ErbB and Kinase activation
The four members of the ErbB protein family are capable of forming homodimers, heterodimers, and possibly higher-order oligomers upon activation by a subset of potential growth factor ligands. There are 11 growth factors that activate ErbB receptors.
The ability ('+') or inability ('-') of each growth factor to activate each of the ErbB receptors is shown in the table below:
The dimerization occurs after ligand bind to the extracellular domain of the ErbB monomers and monomer-monomer interaction establishes activating the activation loop in a kinase domain, that activates the further process of transphosphorylation of the specific tyrosine kinases in the kinase domain of ErbB's intracellular part. It is a complex process due to the domain specificity and nature of the members of ErbB family. Notably, the ErbB1 and ErbB4 are the two most studied and intact among the family of ErbB proteins, Which forms functional intracellular tyrosine kinases. ErbB2 has no known binding ligand and absent of an active kinase domain in ErbB3 make this duo preferable to form heterodimers & share each other's active domains to activate transphosphorylation of the tyrosine kinases. The specific tyrosine molecules mainly trans or auto-phosphorylated are at the site Y992, Y1045, Y1068, Y1148, Y1173 in the tail region of the ErbB monomer. For the activation of kinase domain in the ErbB dimer, asymmetric kinase domain dimer of the two monomers is required with the intact asymmetric (N-C lobe) interface at the site of adjoining monomers. Activation of the tyrosine kinase domain leads to the activation of the whole range of downstream signaling pathways like PLCγ, ERK 1/2, p38 MAPK, PI3-K/Akt and more with the cell.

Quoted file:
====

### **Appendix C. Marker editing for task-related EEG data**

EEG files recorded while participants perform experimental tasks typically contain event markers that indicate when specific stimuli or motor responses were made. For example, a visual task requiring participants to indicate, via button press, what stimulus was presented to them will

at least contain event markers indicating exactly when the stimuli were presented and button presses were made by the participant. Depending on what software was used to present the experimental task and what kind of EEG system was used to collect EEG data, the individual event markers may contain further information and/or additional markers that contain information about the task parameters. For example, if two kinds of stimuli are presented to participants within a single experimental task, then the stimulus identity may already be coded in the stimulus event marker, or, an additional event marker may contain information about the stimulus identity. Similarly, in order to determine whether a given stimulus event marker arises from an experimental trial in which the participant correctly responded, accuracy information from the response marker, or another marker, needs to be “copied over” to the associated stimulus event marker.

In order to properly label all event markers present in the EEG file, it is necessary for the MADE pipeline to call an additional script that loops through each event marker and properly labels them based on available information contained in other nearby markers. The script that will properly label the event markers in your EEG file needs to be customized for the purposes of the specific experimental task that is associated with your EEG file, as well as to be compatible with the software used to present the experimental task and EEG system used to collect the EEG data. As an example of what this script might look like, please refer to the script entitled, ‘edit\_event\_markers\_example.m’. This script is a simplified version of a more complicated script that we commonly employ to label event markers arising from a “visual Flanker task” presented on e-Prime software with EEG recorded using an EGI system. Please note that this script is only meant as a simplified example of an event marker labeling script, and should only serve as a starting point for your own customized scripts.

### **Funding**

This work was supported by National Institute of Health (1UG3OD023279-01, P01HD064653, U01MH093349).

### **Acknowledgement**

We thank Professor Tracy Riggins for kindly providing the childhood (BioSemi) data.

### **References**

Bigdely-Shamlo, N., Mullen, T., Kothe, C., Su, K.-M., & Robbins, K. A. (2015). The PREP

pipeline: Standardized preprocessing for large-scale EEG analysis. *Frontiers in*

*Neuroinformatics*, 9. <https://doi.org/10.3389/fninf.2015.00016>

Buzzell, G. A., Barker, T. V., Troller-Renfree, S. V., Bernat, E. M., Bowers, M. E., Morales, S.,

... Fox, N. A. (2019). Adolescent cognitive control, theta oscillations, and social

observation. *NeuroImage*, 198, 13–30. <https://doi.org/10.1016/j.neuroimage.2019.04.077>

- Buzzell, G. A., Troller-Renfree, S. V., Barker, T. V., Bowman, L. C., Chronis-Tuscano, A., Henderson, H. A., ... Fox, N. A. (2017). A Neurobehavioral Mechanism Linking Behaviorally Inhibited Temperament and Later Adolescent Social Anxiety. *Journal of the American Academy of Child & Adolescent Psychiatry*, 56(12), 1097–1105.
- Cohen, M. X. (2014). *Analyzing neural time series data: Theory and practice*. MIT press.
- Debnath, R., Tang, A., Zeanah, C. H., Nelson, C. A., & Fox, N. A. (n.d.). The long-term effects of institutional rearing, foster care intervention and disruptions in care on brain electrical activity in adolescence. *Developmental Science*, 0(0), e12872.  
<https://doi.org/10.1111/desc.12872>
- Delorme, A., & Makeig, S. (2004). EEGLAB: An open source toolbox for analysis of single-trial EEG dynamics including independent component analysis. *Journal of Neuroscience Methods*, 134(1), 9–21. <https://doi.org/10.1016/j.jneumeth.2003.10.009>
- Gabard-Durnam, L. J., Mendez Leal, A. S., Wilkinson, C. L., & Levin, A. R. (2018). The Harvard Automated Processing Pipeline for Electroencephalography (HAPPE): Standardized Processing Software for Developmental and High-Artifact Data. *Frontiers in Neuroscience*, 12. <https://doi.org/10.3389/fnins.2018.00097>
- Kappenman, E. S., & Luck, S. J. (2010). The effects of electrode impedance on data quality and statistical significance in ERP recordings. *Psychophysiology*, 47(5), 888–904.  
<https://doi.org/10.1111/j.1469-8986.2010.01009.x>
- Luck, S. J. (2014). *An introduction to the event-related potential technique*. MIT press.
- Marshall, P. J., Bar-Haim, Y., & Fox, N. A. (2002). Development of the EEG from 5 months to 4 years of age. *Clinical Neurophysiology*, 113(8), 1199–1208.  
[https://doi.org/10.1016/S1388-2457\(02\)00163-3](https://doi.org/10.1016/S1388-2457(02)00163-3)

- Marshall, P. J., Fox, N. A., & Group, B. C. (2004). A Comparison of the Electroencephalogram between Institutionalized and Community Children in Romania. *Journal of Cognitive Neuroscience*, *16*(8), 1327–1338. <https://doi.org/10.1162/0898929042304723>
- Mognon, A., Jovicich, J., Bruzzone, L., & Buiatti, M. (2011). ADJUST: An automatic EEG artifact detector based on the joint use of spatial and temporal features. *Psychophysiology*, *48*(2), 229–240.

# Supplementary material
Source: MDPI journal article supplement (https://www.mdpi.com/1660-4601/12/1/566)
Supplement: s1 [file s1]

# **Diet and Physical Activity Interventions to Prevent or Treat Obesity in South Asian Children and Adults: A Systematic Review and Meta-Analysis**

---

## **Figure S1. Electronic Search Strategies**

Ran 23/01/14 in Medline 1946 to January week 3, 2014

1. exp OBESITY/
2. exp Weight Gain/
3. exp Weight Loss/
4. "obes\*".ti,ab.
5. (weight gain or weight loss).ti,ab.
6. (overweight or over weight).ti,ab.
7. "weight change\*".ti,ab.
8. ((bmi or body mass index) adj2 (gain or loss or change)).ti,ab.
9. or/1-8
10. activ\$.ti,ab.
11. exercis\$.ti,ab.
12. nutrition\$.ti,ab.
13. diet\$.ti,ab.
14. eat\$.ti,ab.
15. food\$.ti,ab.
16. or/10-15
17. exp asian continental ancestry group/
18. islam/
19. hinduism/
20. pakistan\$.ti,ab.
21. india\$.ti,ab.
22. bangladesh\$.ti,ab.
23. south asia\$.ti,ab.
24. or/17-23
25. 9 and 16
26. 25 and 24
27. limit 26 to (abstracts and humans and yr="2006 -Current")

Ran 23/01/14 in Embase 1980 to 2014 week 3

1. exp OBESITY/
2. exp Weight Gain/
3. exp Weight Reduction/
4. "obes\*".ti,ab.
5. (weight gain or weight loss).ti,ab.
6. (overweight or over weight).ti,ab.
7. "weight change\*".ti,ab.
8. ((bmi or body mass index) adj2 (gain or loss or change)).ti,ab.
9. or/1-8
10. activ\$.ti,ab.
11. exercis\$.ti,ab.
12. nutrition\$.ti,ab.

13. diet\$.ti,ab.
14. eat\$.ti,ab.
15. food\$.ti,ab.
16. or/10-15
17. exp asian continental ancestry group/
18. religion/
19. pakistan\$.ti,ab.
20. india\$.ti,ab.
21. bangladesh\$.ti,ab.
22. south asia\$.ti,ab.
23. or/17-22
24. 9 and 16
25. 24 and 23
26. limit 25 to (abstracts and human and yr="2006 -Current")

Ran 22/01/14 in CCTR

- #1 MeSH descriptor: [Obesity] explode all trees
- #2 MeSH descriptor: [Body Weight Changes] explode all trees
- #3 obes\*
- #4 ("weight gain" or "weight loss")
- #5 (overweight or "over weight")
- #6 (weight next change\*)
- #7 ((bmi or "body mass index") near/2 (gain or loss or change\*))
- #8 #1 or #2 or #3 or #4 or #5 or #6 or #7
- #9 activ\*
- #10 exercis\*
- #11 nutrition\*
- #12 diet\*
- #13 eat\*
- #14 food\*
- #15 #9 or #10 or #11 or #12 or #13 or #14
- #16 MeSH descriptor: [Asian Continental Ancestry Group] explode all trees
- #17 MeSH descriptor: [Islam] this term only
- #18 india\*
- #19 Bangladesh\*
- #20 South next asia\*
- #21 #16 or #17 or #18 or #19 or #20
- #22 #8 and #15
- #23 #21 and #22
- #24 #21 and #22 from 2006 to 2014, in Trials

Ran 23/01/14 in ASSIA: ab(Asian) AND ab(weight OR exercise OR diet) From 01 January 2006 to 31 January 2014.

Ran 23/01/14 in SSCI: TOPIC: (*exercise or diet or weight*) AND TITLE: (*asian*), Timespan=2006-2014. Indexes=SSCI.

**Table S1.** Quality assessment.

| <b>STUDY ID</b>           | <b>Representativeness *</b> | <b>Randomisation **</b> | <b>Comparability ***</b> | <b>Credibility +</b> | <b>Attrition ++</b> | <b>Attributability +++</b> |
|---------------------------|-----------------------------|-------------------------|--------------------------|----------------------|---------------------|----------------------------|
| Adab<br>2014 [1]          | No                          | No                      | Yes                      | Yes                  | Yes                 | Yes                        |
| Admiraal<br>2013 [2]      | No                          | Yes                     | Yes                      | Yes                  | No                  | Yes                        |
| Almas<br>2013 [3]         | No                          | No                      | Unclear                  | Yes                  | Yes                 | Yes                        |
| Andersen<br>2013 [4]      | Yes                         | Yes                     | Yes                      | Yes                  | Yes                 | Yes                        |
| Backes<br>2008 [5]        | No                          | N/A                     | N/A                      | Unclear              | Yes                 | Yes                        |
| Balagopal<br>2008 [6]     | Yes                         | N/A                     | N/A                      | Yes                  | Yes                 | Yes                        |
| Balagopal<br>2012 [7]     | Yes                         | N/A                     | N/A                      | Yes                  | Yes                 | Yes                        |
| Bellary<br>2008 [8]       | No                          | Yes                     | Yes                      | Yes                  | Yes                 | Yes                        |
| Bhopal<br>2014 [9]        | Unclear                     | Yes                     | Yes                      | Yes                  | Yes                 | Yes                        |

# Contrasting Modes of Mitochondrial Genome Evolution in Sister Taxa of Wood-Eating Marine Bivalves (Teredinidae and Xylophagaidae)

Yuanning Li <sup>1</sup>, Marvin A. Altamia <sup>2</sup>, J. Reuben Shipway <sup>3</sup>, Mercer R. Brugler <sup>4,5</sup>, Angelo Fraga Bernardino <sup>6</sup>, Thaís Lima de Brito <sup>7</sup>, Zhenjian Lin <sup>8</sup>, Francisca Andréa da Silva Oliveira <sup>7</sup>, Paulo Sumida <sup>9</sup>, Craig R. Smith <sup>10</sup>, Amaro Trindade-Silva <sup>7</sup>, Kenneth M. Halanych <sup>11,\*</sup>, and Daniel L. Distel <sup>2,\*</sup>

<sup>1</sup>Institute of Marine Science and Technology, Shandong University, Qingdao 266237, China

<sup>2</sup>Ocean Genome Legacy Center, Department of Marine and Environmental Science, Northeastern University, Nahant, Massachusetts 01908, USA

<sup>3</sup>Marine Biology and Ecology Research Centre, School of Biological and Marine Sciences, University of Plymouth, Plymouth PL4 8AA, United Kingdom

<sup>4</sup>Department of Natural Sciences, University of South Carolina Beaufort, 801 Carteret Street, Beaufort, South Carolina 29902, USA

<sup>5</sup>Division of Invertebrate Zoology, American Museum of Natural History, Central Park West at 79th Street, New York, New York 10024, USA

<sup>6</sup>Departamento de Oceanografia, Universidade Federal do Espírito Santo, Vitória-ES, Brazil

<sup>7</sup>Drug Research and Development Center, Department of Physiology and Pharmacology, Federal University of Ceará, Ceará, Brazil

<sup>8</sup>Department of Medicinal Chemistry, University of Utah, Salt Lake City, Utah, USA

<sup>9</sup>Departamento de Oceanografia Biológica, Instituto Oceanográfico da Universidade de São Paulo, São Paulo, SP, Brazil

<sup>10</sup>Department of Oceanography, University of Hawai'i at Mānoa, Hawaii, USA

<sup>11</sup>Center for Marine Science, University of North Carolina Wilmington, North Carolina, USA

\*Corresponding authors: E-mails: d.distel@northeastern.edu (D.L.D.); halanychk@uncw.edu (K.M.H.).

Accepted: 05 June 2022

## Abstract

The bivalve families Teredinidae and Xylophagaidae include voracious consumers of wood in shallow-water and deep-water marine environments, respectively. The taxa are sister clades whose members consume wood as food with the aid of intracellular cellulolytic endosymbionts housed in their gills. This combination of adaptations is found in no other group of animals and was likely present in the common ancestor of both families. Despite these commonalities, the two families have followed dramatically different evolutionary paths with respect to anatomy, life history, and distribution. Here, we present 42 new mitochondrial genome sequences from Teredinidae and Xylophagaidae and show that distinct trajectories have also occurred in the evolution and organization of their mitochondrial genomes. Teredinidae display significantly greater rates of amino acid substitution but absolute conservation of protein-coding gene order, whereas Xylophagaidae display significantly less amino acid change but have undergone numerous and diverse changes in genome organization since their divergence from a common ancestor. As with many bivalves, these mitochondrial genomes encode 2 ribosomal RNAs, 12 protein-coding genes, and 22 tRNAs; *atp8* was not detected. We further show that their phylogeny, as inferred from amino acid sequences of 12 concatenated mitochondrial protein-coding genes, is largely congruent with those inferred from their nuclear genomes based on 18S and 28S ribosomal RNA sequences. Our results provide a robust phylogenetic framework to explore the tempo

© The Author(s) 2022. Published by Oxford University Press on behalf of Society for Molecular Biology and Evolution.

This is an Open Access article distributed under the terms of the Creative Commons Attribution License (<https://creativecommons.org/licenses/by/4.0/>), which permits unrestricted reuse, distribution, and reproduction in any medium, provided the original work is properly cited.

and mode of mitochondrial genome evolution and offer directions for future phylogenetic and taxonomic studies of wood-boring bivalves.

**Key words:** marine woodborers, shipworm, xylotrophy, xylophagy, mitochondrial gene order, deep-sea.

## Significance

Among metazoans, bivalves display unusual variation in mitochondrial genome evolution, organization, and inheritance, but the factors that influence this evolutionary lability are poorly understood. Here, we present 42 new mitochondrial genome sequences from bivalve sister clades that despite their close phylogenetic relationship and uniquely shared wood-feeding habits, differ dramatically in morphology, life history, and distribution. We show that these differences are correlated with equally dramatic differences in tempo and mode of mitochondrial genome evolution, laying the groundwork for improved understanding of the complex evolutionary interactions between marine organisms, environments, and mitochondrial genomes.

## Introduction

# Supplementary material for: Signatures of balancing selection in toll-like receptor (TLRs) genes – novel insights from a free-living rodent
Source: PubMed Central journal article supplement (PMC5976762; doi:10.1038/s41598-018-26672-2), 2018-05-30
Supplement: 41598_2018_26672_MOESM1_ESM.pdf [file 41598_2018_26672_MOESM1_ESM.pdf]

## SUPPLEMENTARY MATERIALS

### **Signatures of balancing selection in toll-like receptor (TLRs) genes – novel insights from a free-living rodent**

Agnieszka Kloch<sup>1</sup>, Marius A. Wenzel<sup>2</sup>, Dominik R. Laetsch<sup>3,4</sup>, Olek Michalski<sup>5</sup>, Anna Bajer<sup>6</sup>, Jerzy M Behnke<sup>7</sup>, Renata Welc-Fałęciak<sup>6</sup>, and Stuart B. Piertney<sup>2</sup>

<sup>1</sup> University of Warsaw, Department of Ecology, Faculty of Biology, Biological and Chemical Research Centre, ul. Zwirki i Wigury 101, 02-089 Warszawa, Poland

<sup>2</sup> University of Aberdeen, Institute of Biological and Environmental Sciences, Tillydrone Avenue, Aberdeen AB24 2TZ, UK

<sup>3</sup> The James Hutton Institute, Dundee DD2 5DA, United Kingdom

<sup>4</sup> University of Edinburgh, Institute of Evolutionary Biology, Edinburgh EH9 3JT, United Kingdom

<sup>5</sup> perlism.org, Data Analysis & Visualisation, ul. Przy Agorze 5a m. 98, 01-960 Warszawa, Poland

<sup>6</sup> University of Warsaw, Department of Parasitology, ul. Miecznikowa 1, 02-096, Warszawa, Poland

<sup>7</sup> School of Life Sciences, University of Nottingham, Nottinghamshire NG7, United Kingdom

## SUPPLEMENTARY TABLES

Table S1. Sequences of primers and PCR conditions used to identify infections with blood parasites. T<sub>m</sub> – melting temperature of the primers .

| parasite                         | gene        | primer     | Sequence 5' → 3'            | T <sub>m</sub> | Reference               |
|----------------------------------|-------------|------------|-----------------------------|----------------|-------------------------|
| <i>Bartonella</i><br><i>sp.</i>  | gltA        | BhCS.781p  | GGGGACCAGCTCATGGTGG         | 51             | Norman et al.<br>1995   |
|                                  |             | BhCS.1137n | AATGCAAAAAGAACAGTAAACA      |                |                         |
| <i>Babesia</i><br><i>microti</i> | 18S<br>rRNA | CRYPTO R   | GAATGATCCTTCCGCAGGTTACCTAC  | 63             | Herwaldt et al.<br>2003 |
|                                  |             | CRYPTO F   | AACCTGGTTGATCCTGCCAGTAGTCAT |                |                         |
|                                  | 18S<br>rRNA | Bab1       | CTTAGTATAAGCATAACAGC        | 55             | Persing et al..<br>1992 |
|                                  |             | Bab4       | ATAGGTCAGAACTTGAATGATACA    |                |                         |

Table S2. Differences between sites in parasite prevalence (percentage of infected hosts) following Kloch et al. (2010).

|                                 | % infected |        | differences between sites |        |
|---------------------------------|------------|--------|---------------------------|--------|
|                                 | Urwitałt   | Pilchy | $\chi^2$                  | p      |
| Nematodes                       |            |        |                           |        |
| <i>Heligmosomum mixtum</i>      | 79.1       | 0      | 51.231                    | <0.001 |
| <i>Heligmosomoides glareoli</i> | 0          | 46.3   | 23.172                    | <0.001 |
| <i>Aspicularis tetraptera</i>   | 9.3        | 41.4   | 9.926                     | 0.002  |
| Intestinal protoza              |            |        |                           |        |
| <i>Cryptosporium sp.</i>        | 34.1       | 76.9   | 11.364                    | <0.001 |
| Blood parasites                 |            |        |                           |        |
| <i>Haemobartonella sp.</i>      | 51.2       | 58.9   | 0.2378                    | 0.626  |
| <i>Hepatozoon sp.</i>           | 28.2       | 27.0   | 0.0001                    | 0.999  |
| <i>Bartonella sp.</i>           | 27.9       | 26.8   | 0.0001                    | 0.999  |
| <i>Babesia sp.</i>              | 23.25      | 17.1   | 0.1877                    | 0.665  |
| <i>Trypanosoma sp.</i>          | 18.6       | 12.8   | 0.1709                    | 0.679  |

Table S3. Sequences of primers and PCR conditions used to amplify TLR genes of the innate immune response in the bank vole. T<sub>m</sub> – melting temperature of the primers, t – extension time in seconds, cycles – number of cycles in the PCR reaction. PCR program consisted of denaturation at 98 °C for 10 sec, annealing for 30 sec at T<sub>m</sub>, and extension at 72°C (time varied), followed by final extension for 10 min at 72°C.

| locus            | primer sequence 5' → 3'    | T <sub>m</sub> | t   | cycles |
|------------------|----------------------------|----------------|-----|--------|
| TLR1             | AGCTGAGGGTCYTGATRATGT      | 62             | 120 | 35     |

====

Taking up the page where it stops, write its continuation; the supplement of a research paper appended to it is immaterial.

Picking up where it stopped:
When not bound to a ligand, the extracellular regions of ErbB1, ErbB3, and ErbB4 are found in a tethered conformation in which a 10-amino-acid-long dimerization arm is unable to mediate monomer-monomer interactions. In contrast, in ligand-bound ErbB-1 and unliganded ErbB-2, the dimerization arm becomes untethered and exposed at the receptor surface, making monomer-monomer interactions and dimerisation possible. The consequence of ectodomain dimerization is the positioning of two cytoplasmic domains such that transphosphorylation of specific tyrosine, serine, and threonine amino acids can occur within the cytoplasmic domain of each ErbB. At least 10 specific tyrosines, 7 serines, and 2 threonines have been identified within the cytoplasmic domain of ErbB-1, that may become phosphorylated and in some cases de-phosphorylated (e.g., Tyr 992) upon receptor dimerization. Although a number of potential phosphorylation sites exist, upon dimerization only one or much more rarely two of these sites are phosphorylated at any one time.
Role in cancer